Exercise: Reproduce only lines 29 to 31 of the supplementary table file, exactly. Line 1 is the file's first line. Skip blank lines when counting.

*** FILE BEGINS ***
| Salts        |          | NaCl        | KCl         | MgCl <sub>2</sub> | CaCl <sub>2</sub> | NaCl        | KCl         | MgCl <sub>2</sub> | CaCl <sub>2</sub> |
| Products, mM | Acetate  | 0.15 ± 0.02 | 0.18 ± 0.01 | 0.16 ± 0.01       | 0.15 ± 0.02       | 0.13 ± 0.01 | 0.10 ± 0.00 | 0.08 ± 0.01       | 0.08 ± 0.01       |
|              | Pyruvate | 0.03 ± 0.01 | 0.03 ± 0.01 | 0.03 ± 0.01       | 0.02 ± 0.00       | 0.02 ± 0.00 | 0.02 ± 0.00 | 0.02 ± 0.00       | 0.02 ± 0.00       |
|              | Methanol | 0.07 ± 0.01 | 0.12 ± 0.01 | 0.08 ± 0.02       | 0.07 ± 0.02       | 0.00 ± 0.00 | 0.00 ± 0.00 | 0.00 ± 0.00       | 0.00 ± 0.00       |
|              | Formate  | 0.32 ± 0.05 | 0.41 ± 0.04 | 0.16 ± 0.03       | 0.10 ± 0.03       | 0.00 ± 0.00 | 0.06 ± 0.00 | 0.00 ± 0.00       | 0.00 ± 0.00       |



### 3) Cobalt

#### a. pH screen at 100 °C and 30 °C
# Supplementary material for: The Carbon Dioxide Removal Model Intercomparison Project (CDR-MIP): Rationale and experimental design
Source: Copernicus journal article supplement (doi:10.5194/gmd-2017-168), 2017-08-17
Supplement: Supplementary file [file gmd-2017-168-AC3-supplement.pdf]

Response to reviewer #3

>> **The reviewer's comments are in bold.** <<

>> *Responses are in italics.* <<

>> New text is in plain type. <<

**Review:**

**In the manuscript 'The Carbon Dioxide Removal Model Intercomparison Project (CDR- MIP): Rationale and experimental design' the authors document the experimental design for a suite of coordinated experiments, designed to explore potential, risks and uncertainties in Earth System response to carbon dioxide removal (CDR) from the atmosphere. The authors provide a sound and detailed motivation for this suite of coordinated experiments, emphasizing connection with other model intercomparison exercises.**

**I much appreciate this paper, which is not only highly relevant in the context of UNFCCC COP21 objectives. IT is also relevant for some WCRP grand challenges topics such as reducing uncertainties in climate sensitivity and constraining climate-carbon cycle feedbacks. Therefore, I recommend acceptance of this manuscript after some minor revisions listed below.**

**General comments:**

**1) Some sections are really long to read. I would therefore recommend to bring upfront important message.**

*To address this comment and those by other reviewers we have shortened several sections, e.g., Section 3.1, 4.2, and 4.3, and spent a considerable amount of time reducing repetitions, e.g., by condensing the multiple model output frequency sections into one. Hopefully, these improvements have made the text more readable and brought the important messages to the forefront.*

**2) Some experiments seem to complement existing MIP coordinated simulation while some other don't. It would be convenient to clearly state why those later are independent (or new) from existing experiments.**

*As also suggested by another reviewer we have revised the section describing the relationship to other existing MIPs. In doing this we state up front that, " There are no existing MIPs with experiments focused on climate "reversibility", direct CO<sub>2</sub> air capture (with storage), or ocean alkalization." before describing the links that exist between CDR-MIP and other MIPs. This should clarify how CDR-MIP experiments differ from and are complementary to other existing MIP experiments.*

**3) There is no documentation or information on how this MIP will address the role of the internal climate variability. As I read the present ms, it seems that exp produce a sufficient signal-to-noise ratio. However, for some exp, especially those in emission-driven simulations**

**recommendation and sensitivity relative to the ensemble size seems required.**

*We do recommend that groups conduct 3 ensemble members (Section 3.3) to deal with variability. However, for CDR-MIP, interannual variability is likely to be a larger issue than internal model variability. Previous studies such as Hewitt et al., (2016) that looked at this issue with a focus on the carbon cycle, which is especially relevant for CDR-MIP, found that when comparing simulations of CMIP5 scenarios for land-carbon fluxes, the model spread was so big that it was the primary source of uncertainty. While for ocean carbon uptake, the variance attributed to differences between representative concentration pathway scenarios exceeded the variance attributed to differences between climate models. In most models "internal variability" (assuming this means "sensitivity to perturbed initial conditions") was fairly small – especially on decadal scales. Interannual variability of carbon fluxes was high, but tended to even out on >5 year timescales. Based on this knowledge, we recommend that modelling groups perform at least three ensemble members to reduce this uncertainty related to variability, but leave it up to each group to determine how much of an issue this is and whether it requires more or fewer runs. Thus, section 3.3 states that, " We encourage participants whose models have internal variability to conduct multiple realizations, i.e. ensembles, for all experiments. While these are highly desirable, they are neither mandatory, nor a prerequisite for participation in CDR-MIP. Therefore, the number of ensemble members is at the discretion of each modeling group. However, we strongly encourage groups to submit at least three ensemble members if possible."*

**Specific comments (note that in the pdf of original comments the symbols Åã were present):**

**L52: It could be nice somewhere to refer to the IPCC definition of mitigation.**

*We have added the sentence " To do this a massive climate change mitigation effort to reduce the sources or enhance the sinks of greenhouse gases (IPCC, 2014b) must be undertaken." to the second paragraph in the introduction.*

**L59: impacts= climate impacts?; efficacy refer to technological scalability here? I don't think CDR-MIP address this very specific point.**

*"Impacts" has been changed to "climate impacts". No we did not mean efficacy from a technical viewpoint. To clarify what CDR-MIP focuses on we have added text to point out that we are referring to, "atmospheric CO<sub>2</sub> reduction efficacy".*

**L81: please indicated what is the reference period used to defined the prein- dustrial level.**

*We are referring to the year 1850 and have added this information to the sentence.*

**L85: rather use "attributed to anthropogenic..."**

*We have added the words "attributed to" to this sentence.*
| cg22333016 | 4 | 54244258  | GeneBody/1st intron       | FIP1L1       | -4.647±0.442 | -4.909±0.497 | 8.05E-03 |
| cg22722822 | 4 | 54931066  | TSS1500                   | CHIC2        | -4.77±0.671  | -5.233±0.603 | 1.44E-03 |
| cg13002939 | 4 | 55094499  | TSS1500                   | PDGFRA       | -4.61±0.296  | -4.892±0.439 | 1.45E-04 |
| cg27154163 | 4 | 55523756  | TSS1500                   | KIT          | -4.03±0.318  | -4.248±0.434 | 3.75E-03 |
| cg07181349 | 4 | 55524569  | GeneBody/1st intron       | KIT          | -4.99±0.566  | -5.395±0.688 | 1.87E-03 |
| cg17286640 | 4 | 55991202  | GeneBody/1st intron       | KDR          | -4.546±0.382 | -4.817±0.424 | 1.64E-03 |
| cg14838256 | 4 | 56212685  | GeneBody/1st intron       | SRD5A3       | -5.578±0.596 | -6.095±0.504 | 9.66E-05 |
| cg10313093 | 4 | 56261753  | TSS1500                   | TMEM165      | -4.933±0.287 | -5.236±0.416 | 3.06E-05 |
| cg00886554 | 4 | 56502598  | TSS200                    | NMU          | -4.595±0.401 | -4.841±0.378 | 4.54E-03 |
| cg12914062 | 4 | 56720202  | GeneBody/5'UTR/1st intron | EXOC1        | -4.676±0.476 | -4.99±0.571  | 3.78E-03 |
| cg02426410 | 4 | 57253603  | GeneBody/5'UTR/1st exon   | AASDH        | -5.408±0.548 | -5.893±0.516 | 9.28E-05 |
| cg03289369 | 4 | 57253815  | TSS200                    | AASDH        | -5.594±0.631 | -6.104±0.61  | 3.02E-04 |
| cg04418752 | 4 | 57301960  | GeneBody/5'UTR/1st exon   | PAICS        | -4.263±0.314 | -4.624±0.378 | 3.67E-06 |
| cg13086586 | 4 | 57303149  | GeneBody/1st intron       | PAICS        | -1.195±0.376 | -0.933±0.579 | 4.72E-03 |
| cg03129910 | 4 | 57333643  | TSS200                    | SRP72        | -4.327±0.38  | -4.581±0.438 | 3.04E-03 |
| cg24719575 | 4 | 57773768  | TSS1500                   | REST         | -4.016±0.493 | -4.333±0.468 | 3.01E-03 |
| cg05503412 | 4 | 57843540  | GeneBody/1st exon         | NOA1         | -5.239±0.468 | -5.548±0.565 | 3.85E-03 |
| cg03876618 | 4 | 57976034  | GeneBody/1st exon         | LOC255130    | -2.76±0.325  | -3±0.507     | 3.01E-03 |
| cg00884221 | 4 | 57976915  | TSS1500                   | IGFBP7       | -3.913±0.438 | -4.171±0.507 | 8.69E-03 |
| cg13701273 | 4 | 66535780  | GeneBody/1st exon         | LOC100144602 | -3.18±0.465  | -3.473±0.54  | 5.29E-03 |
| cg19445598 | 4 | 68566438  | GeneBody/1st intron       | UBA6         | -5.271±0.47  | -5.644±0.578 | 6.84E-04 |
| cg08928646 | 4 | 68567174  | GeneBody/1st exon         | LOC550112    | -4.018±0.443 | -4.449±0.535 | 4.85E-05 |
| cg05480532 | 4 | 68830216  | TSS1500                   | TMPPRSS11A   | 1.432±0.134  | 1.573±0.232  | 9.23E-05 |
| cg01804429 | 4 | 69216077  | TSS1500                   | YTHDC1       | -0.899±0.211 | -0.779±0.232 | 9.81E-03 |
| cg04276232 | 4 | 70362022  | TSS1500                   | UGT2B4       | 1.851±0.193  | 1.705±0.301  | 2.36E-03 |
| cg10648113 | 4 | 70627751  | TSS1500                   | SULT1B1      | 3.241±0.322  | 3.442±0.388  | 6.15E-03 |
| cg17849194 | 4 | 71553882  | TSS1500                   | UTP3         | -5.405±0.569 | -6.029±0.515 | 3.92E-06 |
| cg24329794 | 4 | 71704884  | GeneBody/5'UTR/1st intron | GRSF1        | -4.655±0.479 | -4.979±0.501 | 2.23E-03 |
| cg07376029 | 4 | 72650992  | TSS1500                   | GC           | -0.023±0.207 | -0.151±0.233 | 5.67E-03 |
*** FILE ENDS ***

**L59: impacts= climate impacts?; efficacy refer to technological scalability here? I don't think CDR-MIP address this very specific point.**

*"Impacts" has been changed to "climate impacts". No we did not mean efficacy from a technical viewpoint. To clarify what CDR-MIP focuses on we have added text to point out that we are referring to, "atmospheric CO<sub>2</sub> reduction efficacy".*

**L81: please indicated what is the reference period used to defined the prein- dustrial level.**